Next, he was tapping at her elbows, forcing her to raise them up so they became parallel to her chest and her wrists were crossed over. She knew she had to hold the position until he was satisfied, so she held very still, despite the fact that her arms trembled from the effort. She stuck out her tongue while she concentrated. If Mama saw her she would yell at her and warn her that she might accidentally bite it off. But Mama isn’t here. Kay tasted blood and sucked her tongue back in her mouth.
Ash grunted and turned her wrists the tiniest amount. When he was finally satisfied with that position he asked for another. Again and again, Ash positioned her through the many Forms of the fire dance, muttering under his breath the entire time. By now she was used to his mumbling and she knew enough of his language to catch on: she was behind and needed practice.
Finally, after what seemed like hours, though it couldn’t have been more than one or two, he announced that she could have another break before fire movement. The announcement made her smile. Fire movement was always the last skill practiced for the day. Training was halfway over. And while she was behind on the necessary stances and positions of fire dancing, she was a master at the movement of fire.
In the last week she’d quickly come to understand that not only was she good, she was the best. Gladiators often came to the practice arena when it was her turn. They all wanted to watch her Breathe in the heat and expel the flames. Apparently no one else could do that. She created her own flames and that made her extra special. Kay hadn’t been convinced, but she also knew there was no point in arguing with adults when they thought they knew something. They could be so stubborn.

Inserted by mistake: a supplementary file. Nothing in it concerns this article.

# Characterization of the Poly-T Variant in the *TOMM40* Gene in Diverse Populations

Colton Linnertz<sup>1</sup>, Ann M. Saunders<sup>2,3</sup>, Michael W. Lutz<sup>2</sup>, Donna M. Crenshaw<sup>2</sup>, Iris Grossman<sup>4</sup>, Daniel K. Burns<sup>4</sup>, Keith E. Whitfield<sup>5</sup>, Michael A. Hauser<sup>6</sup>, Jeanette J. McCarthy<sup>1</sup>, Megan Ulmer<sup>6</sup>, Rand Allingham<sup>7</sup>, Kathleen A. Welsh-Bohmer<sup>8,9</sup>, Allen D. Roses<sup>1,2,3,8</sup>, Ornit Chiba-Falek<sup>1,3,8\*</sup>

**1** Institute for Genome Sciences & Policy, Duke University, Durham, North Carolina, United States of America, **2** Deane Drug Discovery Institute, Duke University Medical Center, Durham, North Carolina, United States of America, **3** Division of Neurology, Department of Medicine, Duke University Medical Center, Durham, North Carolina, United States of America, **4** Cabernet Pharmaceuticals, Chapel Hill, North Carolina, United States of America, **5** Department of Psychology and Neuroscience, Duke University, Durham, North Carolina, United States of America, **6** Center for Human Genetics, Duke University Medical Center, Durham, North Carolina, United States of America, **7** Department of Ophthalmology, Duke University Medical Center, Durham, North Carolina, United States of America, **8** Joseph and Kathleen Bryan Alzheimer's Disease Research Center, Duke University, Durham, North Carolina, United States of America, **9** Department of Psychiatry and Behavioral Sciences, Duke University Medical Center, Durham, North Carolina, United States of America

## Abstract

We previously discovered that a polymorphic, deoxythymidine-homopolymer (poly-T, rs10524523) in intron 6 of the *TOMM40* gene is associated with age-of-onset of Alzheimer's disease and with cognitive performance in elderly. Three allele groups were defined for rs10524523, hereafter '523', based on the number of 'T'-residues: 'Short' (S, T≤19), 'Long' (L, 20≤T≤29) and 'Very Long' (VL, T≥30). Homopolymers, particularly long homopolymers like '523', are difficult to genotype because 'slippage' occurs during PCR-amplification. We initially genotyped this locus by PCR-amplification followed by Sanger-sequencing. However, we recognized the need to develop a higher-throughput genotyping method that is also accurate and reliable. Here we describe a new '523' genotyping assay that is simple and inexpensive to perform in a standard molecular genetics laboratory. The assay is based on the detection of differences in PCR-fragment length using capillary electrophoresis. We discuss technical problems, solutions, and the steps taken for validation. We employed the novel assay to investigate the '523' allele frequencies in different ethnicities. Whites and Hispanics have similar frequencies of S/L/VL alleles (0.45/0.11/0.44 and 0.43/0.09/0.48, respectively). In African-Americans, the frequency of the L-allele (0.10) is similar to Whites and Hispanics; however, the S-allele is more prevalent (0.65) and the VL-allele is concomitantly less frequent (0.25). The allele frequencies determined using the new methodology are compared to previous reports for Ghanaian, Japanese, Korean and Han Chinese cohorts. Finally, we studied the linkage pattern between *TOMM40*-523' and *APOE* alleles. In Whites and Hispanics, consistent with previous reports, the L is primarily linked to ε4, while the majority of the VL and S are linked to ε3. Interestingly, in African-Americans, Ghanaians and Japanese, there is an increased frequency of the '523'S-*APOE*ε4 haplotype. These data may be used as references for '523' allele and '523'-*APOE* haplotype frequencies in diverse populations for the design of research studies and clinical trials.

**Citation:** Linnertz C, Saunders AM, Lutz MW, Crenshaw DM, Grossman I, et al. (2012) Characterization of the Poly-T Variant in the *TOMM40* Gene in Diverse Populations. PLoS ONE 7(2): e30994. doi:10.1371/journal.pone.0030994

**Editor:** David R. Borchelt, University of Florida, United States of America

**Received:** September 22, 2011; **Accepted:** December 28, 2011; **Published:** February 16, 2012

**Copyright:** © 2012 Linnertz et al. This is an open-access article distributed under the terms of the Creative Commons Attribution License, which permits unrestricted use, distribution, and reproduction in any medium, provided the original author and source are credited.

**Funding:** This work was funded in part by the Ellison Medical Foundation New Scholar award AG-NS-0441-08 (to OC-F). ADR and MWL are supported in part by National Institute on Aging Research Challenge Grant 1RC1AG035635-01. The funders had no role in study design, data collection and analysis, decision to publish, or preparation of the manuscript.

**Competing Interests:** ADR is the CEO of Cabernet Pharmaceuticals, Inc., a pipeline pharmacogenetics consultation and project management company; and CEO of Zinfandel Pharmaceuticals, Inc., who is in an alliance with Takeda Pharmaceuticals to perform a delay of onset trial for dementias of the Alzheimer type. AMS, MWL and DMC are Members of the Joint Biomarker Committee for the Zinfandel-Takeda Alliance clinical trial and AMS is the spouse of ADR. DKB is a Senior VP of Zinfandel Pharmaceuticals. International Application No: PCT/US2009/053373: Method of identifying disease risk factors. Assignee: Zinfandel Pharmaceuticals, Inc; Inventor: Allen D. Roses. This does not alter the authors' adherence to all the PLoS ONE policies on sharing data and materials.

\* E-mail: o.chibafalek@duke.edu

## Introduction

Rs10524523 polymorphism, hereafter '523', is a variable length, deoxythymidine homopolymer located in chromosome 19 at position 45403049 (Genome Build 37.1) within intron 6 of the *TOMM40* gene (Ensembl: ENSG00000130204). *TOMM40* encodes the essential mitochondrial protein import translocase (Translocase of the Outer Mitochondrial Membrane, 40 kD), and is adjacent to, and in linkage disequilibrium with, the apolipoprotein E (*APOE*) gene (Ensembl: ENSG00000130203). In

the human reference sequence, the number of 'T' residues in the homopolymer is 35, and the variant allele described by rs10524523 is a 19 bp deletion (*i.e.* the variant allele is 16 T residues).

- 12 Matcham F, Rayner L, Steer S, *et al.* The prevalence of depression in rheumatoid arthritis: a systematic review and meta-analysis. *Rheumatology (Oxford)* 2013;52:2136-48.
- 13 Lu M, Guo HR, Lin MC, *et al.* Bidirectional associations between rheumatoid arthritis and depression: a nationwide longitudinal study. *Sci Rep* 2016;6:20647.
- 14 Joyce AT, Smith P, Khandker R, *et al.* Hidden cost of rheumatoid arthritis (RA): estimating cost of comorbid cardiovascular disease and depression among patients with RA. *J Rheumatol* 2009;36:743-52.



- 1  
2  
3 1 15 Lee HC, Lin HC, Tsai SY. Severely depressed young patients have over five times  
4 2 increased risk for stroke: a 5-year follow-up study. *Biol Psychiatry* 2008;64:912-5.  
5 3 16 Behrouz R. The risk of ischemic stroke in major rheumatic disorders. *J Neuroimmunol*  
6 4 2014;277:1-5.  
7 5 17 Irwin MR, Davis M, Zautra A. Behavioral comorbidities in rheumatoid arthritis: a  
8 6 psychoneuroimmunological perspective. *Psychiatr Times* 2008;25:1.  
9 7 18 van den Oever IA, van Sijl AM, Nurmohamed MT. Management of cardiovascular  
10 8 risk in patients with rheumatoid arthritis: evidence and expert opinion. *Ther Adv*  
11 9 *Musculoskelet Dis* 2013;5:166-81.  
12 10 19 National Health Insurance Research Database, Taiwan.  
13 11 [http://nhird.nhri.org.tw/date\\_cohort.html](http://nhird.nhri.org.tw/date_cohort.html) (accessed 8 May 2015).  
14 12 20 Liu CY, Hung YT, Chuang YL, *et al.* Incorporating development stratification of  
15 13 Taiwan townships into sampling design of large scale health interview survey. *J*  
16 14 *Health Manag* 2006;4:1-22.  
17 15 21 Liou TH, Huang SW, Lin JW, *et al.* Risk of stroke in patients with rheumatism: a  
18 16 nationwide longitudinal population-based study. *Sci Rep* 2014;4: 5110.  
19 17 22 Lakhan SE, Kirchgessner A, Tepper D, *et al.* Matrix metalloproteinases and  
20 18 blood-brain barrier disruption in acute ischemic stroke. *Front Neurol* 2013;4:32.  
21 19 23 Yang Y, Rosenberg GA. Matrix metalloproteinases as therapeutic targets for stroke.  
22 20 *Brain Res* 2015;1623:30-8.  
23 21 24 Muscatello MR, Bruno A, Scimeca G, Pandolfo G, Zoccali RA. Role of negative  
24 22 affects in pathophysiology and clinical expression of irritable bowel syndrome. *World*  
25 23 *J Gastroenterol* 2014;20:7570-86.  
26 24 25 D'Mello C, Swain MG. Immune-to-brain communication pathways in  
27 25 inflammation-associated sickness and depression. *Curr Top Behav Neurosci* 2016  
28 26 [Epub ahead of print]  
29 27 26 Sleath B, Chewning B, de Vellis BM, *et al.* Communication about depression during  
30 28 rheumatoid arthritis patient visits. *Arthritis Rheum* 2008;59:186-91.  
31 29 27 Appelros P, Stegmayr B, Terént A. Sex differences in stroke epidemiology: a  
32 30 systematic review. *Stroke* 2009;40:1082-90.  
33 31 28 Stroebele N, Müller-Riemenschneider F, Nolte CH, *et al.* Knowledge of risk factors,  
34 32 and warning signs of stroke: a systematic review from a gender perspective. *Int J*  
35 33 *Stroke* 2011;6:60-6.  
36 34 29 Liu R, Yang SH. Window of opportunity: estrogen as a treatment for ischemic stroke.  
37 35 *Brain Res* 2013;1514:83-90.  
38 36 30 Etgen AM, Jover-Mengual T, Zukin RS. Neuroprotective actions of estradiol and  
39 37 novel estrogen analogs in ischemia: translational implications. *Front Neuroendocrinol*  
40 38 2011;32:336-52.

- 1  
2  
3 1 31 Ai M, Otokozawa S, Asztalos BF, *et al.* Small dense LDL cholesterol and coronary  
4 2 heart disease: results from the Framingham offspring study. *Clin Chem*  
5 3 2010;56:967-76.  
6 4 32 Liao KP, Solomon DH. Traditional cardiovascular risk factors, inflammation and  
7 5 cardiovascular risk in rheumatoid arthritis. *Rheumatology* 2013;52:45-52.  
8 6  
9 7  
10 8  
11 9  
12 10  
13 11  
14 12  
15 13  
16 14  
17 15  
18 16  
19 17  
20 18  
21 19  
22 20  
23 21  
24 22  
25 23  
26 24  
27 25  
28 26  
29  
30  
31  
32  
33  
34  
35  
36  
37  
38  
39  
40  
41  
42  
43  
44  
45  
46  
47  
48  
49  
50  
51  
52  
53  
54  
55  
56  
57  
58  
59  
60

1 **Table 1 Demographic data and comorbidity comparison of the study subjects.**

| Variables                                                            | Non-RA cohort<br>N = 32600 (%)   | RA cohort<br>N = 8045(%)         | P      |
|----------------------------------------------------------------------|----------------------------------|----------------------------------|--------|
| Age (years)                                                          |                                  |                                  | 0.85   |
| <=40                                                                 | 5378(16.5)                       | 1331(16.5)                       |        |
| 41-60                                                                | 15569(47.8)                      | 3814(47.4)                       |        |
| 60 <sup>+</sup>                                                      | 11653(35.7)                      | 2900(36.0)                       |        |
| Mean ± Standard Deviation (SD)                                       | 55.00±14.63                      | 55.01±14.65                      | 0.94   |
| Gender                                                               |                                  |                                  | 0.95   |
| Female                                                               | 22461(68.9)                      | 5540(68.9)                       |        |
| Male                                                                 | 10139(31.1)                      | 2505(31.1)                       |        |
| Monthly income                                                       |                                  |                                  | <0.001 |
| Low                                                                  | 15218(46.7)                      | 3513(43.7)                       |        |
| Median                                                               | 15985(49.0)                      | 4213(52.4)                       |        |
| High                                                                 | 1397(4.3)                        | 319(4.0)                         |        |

After another break that was all too short, Ash motioned for her to join him outside the ring of the fire field. At least she had water this time. She moved to stand beside him, brushing the sand off her leggings and taking tiny sips from her water skin. It wasn’t her turn in the field just yet, but Ash wanting her beside him meant that she was next. Or he wanted her to watch something. She wasn’t entirely sure which. Timber was in the fire field with his cadet. The gladiator was tossing lazy balls of fire in his direction, and the cadet was catching them and tossing them back into the sky. Kay watched with little interest. She and Daddy had played similar games of catch years ago, back when she had still been a baby. The slow game of fire catching was boring. Thoughts of her Daddy brought the familiar tummy ache, and she pressed her hands into her stomach to staunch the pain. It wasn’t fair that she was stuck in this horrid place, that Mama and Daddy were gone forever.